Relatives told of missing Malaysia Airlines flight's fate via te -

Relatives told of missing Malaysia Airlines flight's fate via text message

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By Brendan Marks By Brendan Marks
By Brendan Marks By Brendan Marks
By KMOV Web Producer By KMOV Web Producer

(CNN) -- Before a Monday news conference announcing that Malaysia Airlines Flight 370 ended in the Indian Ocean, relatives of passengers learned the tragic news via a text from the airline.

The text read: "Malaysia Airlines deeply regrets that we have to assume beyond a reasonable doubt that MH370 has been lost and that none of those on board survived. As you will hear in the next hour from Malaysia's Prime Minister, we must now accept all evidence suggests the plane went down in the Southern Indian Ocean."

Photos: Relatives faint, scream after hearing Maylasia Airlines flight's fate

Some relatives were in Kuala Lumpur and others were in Beijing.

"They have told us all lives are lost," a relative told a CNN producer as that person left a conference room at Beijing's Lido Hotel, where family members met with airline representatives on Monday.

Just before the relatives were told the news, four emergency medical workers -- dressed in bright orange uniforms -- entered the conference room. A bed on wheels also was pushed inside.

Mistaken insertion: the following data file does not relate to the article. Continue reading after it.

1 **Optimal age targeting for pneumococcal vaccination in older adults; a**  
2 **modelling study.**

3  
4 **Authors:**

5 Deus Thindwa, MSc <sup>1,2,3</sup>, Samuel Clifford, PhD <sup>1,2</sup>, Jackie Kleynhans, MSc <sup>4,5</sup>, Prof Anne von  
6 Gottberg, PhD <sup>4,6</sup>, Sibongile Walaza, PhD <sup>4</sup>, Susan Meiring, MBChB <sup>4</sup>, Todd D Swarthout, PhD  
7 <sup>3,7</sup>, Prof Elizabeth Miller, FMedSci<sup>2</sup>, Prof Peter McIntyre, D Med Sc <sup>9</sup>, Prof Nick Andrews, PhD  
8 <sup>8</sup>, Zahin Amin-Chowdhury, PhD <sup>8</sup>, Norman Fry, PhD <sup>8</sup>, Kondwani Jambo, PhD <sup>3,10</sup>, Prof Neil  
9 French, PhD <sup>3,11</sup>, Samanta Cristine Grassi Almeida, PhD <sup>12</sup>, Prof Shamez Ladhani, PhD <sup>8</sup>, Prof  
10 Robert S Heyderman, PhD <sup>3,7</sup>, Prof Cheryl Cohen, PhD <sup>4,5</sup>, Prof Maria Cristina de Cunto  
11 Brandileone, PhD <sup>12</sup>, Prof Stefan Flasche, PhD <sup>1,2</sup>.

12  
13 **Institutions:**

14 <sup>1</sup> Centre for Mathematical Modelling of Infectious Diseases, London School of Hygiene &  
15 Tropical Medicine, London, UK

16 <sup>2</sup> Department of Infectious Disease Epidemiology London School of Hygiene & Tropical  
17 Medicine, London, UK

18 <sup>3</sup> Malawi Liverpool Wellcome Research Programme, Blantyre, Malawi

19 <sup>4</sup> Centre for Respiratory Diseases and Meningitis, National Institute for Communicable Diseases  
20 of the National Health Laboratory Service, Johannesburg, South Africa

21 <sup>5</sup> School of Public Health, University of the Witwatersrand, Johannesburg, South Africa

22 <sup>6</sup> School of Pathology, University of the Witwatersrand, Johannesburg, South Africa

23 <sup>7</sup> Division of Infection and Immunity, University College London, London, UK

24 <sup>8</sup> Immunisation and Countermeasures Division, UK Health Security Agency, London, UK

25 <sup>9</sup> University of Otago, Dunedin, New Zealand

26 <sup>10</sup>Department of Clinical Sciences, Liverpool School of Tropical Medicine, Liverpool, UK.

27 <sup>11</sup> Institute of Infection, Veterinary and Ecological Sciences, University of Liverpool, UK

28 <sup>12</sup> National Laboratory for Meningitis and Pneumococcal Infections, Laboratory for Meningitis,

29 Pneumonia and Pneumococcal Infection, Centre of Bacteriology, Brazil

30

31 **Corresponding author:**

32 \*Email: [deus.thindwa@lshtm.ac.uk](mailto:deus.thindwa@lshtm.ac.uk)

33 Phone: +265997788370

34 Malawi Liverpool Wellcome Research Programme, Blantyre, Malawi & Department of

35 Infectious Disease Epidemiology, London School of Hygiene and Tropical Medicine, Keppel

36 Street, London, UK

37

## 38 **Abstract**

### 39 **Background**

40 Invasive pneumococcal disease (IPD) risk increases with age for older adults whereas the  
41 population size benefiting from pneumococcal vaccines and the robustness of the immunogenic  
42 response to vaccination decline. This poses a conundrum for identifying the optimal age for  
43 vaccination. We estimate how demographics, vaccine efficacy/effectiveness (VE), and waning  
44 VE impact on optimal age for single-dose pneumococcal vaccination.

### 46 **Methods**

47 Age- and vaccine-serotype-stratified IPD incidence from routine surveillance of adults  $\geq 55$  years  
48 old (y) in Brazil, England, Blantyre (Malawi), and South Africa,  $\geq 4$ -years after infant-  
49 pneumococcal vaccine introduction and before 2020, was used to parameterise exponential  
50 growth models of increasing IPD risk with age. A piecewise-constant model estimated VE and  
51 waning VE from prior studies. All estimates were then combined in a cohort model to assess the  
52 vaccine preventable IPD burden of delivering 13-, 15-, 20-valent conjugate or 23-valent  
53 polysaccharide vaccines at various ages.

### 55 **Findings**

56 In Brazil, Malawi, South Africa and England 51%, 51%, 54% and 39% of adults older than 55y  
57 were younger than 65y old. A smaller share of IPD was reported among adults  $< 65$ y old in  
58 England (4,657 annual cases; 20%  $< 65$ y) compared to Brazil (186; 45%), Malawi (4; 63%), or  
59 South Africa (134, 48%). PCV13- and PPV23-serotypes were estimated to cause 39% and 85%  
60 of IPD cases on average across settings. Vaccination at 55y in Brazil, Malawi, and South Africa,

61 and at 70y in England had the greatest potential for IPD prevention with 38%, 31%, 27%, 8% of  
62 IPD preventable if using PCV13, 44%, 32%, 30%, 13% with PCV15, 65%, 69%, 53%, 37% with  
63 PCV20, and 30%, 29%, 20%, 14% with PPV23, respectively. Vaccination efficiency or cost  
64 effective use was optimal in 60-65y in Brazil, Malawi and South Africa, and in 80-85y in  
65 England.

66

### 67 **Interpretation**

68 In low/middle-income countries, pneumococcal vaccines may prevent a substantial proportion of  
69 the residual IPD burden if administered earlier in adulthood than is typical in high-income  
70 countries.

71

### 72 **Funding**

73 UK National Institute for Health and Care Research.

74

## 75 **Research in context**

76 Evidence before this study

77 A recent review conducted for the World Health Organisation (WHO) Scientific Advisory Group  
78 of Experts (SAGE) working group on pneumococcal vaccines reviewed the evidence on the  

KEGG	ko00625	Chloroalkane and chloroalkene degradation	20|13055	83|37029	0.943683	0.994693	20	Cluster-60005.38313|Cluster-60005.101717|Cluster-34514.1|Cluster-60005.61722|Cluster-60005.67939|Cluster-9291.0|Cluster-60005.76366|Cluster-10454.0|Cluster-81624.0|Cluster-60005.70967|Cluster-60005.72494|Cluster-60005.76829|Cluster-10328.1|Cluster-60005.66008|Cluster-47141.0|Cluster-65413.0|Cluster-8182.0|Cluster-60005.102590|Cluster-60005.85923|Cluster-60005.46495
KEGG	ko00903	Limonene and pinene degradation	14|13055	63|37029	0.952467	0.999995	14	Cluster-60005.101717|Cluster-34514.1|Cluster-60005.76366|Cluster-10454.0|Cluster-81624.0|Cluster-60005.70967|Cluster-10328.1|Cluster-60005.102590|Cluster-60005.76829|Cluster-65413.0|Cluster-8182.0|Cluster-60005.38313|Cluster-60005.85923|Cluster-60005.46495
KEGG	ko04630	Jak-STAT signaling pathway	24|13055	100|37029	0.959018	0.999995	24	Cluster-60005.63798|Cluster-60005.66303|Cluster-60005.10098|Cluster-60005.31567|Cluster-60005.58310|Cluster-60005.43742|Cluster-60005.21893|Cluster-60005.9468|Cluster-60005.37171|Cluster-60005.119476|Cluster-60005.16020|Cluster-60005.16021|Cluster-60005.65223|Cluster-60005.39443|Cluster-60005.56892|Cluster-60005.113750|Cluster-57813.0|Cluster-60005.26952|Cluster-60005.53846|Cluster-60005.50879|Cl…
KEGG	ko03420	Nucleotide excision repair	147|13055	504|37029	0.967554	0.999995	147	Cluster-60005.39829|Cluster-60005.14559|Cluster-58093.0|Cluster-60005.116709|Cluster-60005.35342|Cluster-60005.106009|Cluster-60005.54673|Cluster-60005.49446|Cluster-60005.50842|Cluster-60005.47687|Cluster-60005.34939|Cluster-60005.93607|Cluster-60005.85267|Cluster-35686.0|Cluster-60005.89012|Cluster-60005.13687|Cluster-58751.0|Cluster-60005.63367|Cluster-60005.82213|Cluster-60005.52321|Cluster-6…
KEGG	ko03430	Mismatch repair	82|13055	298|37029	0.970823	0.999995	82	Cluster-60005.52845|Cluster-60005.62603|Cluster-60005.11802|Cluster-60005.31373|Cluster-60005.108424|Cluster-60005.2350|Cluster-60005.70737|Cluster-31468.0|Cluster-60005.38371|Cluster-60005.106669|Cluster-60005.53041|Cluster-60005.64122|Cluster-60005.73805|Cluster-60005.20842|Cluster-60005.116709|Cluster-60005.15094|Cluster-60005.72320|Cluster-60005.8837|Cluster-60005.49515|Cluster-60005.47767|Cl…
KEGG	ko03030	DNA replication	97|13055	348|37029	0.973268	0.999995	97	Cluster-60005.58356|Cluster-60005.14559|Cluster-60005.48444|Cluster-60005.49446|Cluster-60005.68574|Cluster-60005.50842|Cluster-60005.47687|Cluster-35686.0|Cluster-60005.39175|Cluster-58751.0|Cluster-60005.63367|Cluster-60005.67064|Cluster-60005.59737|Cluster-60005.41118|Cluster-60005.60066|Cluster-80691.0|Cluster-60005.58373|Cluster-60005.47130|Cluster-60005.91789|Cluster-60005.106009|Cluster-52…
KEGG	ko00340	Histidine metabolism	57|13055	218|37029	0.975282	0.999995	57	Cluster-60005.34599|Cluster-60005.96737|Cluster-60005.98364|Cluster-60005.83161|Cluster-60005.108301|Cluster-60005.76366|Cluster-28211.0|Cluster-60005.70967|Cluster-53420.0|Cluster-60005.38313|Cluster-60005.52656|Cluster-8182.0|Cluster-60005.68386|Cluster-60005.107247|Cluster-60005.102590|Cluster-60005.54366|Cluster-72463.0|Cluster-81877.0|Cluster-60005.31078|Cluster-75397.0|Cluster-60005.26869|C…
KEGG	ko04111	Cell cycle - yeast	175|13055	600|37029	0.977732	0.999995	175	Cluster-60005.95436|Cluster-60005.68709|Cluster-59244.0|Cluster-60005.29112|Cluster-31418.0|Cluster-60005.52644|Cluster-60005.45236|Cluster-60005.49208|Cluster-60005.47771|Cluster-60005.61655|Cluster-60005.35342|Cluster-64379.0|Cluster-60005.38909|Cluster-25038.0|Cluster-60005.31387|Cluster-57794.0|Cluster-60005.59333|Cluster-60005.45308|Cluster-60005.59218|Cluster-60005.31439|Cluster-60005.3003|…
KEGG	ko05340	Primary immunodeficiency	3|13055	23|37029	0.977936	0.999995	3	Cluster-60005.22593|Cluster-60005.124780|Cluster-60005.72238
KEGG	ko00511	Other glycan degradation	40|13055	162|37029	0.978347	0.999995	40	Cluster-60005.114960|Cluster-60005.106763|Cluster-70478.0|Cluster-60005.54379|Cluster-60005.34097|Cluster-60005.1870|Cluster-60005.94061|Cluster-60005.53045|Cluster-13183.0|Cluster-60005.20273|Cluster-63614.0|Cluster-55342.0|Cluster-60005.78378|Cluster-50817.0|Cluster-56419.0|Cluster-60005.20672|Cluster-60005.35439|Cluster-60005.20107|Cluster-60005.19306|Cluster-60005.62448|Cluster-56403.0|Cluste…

Raw: Malaysia Airlines families faint, cry, scream over news

After some time, relatives emerged, sobbing loudly. A few pushed and shoved each other, overcome with grief. Some passengers were wheeled out on the beds. One group of relatives smashed a photojournalist's camera lens.

Felt left out

A Chinese grandmother emerged from the conference room screaming, "The Communist Party has to help me! My son, my daughter-in-law and granddaughter were all on board! All three family members are gone. I am desperate!"

She sobbed and fell to her knees.

At a news conference in Kuala Lumpur, Malaysian Prime Minister Najib Razak told reporters that Flight 370 "ended" in the Indian Ocean, far from any possible landing site.

CNN's Sara Sidner, who has been in Kuala Lumpur over the past few days, has spent time with family members.

"These families have been through absolute hell," she reported on air shortly before the Prime Minister's news conference began.

Family members have tended to move in groups, Sidner said, clinging to one another for support. Counselors are with them. Upon hearing the news the flight ended in the Indian Ocean, Sidner said some relatives said they felt they had some answers.

But since their nightmare began on March 8, many family members have "felt they'd been left out," she said. "That was very upsetting. They felt they were disrespected. That has changed" since family members met with authorities.

For more than two weeks, relatives of passengers hoped their loved ones were still alive.

Baring a vulnerability to journalists around the world, they have wept and begged authorities for answers. Some have been so enraged because they believed they weren't getting anywhere.

No closure yet

The girlfriend of an American passenger has been writing her boyfriend on her personal Facebook page; notes that are tender and anguishing.

Sarah Bajc tells him that she misses him and wishes he would hurry up and come back to her. A Facebook page called Finding Philip Wood has become a repository for kind notes to Bajc and messages from others who have followed the flight mystery.